Today, investors, policymakers, and businesses have several reasons to devote much more attention to these transitions. For starters, with a GDP that is as large as the combined total of the other BRICS countries (Brazil, Russia, India, and South Africa) plus Indonesia and Mexico, China has raised the stakes considerably. Sustained Chinese growth, or its absence, will have a significant effect on all other developing countries – and on the advanced economies as well.
Second, the developed economies are out of balance and growing well below potential, with varying but limited prospects for faster growth on a five-year time horizon. By contrast, emerging economies, with their higher growth potential, increasingly represent large potential markets to tap.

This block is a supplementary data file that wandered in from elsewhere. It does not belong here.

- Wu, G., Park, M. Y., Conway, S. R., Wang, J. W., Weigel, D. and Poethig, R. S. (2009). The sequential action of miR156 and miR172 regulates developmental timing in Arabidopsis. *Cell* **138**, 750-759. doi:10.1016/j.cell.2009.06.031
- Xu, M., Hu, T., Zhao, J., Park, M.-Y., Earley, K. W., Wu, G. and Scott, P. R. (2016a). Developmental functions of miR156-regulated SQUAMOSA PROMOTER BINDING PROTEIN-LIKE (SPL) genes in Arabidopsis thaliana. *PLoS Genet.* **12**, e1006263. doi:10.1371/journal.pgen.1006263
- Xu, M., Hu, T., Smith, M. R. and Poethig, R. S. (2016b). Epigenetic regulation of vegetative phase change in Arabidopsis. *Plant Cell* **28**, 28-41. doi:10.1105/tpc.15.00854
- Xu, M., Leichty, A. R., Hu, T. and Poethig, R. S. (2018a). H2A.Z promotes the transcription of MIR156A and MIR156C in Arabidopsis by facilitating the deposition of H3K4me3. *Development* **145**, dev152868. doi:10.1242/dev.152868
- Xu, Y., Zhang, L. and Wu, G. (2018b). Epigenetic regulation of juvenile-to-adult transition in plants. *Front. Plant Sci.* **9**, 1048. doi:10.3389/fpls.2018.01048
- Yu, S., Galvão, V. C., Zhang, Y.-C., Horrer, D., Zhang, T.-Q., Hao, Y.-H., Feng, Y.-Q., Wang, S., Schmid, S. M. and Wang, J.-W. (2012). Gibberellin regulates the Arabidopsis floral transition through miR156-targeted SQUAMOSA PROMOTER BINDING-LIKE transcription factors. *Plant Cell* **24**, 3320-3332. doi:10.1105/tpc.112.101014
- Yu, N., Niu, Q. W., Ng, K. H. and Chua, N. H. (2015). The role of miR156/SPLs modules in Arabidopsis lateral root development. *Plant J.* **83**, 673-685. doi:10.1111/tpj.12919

Third, a majority of the large emerging economies (Indonesia, Brazil, Russia, Turkey, and Argentina, but not China) unwisely relied on large inflows of abnormally cheap foreign capital, rather than domestic savings, to finance growth-sustaining investments. As a result, their current-account balances deteriorated in the post-crisis period.
Now, with the onset of monetary tightening in the advanced economies, the imported capital is leaving, in a slightly panicky mode, creating downward pressure on exchange rates and upward pressure on domestic prices. The adjustment now underway requires launching real reforms and replacing low-cost external capital with domestically financed investment.